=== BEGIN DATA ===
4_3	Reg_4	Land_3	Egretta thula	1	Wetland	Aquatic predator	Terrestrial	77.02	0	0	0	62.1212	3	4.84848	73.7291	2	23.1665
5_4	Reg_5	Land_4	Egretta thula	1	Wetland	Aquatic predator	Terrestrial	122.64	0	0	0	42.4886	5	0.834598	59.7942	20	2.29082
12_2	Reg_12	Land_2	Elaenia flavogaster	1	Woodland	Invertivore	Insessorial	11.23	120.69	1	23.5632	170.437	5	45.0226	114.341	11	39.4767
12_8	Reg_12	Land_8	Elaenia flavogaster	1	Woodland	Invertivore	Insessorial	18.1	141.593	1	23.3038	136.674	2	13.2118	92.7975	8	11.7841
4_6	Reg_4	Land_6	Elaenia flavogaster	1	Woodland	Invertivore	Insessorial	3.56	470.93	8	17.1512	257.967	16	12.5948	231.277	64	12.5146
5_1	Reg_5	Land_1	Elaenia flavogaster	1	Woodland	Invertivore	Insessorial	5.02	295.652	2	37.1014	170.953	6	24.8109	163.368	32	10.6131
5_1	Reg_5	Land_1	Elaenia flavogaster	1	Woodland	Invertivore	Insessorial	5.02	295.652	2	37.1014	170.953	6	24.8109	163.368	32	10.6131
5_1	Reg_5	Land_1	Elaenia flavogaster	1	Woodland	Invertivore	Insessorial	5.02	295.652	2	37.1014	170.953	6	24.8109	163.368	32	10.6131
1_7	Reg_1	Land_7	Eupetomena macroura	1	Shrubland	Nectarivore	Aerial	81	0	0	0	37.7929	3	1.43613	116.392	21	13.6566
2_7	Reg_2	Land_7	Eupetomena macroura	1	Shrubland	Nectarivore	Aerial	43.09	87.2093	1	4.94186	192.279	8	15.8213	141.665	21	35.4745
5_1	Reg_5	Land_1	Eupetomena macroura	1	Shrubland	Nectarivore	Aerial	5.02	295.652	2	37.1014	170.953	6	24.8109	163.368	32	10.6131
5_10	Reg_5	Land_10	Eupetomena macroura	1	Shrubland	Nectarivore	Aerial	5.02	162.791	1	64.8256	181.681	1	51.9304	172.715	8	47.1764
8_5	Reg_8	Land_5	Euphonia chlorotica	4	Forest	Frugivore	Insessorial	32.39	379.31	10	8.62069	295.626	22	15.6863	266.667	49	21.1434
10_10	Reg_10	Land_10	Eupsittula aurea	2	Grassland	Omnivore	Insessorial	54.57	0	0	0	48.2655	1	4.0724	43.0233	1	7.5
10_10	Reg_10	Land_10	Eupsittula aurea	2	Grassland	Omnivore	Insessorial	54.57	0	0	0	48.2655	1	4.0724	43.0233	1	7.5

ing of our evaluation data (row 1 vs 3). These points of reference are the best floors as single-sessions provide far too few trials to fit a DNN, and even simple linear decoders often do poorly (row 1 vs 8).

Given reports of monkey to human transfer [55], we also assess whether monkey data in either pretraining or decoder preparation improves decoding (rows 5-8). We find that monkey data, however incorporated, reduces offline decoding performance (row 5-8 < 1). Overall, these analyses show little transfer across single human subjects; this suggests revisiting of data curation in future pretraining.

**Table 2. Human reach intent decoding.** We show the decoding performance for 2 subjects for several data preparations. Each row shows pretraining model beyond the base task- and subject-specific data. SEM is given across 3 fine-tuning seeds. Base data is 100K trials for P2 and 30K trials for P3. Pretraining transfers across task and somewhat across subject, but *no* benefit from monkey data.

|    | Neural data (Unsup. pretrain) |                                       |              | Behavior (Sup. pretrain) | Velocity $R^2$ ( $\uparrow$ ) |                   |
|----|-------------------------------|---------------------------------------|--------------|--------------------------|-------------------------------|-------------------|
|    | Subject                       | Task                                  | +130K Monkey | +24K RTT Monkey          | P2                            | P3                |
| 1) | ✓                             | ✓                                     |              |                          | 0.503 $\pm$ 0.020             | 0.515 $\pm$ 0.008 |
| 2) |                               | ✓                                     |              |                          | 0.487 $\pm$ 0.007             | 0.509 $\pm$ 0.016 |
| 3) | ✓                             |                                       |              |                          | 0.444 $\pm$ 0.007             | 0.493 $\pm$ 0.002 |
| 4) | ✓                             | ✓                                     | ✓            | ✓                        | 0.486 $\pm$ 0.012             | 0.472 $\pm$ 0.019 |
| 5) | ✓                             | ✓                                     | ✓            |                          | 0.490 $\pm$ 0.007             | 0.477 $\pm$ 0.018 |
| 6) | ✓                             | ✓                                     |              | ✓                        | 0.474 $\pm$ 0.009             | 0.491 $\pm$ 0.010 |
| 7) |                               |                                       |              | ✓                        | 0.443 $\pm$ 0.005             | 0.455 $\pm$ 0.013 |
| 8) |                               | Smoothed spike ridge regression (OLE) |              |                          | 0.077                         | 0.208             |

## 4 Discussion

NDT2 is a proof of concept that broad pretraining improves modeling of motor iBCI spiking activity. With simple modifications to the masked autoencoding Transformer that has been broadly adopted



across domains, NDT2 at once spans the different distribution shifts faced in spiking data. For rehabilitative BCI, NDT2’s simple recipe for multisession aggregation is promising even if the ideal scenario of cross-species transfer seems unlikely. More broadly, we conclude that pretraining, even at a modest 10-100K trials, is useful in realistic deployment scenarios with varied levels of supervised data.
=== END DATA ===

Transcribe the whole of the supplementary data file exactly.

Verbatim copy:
4_3	Reg_4	Land_3	Egretta thula	1	Wetland	Aquatic predator	Terrestrial	77.02	0	0	0	62.1212	3	4.84848	73.7291	2	23.1665
5_4	Reg_5	Land_4	Egretta thula	1	Wetland	Aquatic predator	Terrestrial	122.64	0	0	0	42.4886	5	0.834598	59.7942	20	2.29082
12_2	Reg_12	Land_2	Elaenia flavogaster	1	Woodland	Invertivore	Insessorial	11.23	120.69	1	23.5632	170.437	5	45.0226	114.341	11	39.4767
12_8	Reg_12	Land_8	Elaenia flavogaster	1	Woodland	Invertivore	Insessorial	18.1	141.593	1	23.3038	136.674	2	13.2118	92.7975	8	11.7841
4_6	Reg_4	Land_6	Elaenia flavogaster	1	Woodland	Invertivore	Insessorial	3.56	470.93	8	17.1512	257.967	16	12.5948	231.277	64	12.5146
5_1	Reg_5	Land_1	Elaenia flavogaster	1	Woodland	Invertivore	Insessorial	5.02	295.652	2	37.1014	170.953	6	24.8109	163.368	32	10.6131
5_1	Reg_5	Land_1	Elaenia flavogaster	1	Woodland	Invertivore	Insessorial	5.02	295.652	2	37.1014	170.953	6	24.8109	163.368	32	10.6131
5_1	Reg_5	Land_1	Elaenia flavogaster	1	Woodland	Invertivore	Insessorial	5.02	295.652	2	37.1014	170.953	6	24.8109	163.368	32	10.6131
1_7	Reg_1	Land_7	Eupetomena macroura	1	Shrubland	Nectarivore	Aerial	81	0	0	0	37.7929	3	1.43613	116.392	21	13.6566
2_7	Reg_2	Land_7	Eupetomena macroura	1	Shrubland	Nectarivore	Aerial	43.09	87.2093	1	4.94186	192.279	8	15.8213	141.665	21	35.4745
5_1	Reg_5	Land_1	Eupetomena macroura	1	Shrubland	Nectarivore	Aerial	5.02	295.652	2	37.1014	170.953	6	24.8109	163.368	32	10.6131
5_10	Reg_5	Land_10	Eupetomena macroura	1	Shrubland	Nectarivore	Aerial	5.02	162.791	1	64.8256	181.681	1	51.9304	172.715	8	47.1764
8_5	Reg_8	Land_5	Euphonia chlorotica	4	Forest	Frugivore	Insessorial	32.39	379.31	10	8.62069	295.626	22	15.6863	266.667	49	21.1434
10_10	Reg_10	Land_10	Eupsittula aurea	2	Grassland	Omnivore	Insessorial	54.57	0	0	0	48.2655	1	4.0724	43.0233	1	7.5
10_10	Reg_10	Land_10	Eupsittula aurea	2	Grassland	Omnivore	Insessorial	54.57	0	0	0	48.2655	1	4.0724	43.0233	1	7.5

ing of our evaluation data (row 1 vs 3). These points of reference are the best floors as single-sessions provide far too few trials to fit a DNN, and even simple linear decoders often do poorly (row 1 vs 8).

Given reports of monkey to human transfer [55], we also assess whether monkey data in either pretraining or decoder preparation improves decoding (rows 5-8). We find that monkey data, however incorporated, reduces offline decoding performance (row 5-8 < 1). Overall, these analyses show little transfer across single human subjects; this suggests revisiting of data curation in future pretraining.

**Table 2. Human reach intent decoding.** We show the decoding performance for 2 subjects for several data preparations. Each row shows pretraining model beyond the base task- and subject-specific data. SEM is given across 3 fine-tuning seeds. Base data is 100K trials for P2 and 30K trials for P3. Pretraining transfers across task and somewhat across subject, but *no* benefit from monkey data.

|    | Neural data (Unsup. pretrain) |                                       |              | Behavior (Sup. pretrain) | Velocity $R^2$ ( $\uparrow$ ) |                   |
|----|-------------------------------|---------------------------------------|--------------|--------------------------|-------------------------------|-------------------|
|    | Subject                       | Task                                  | +130K Monkey | +24K RTT Monkey          | P2                            | P3                |
| 1) | ✓                             | ✓                                     |              |                          | 0.503 $\pm$ 0.020             | 0.515 $\pm$ 0.008 |
| 2) |                               | ✓                                     |              |                          | 0.487 $\pm$ 0.007             | 0.509 $\pm$ 0.016 |
| 3) | ✓                             |                                       |              |                          | 0.444 $\pm$ 0.007             | 0.493 $\pm$ 0.002 |
| 4) | ✓                             | ✓                                     | ✓            | ✓                        | 0.486 $\pm$ 0.012             | 0.472 $\pm$ 0.019 |
| 5) | ✓                             | ✓                                     | ✓            |                          | 0.490 $\pm$ 0.007             | 0.477 $\pm$ 0.018 |
| 6) | ✓                             | ✓                                     |              | ✓                        | 0.474 $\pm$ 0.009             | 0.491 $\pm$ 0.010 |
| 7) |                               |                                       |              | ✓                        | 0.443 $\pm$ 0.005             | 0.455 $\pm$ 0.013 |
| 8) |                               | Smoothed spike ridge regression (OLE) |              |                          | 0.077                         | 0.208             |

## 4 Discussion

NDT2 is a proof of concept that broad pretraining improves modeling of motor iBCI spiking activity. With simple modifications to the masked autoencoding Transformer that has been broadly adopted



across domains, NDT2 at once spans the different distribution shifts faced in spiking data. For rehabilitative BCI, NDT2’s simple recipe for multisession aggregation is promising even if the ideal scenario of cross-species transfer seems unlikely. More broadly, we conclude that pretraining, even at a modest 10-100K trials, is useful in realistic deployment scenarios with varied levels of supervised data.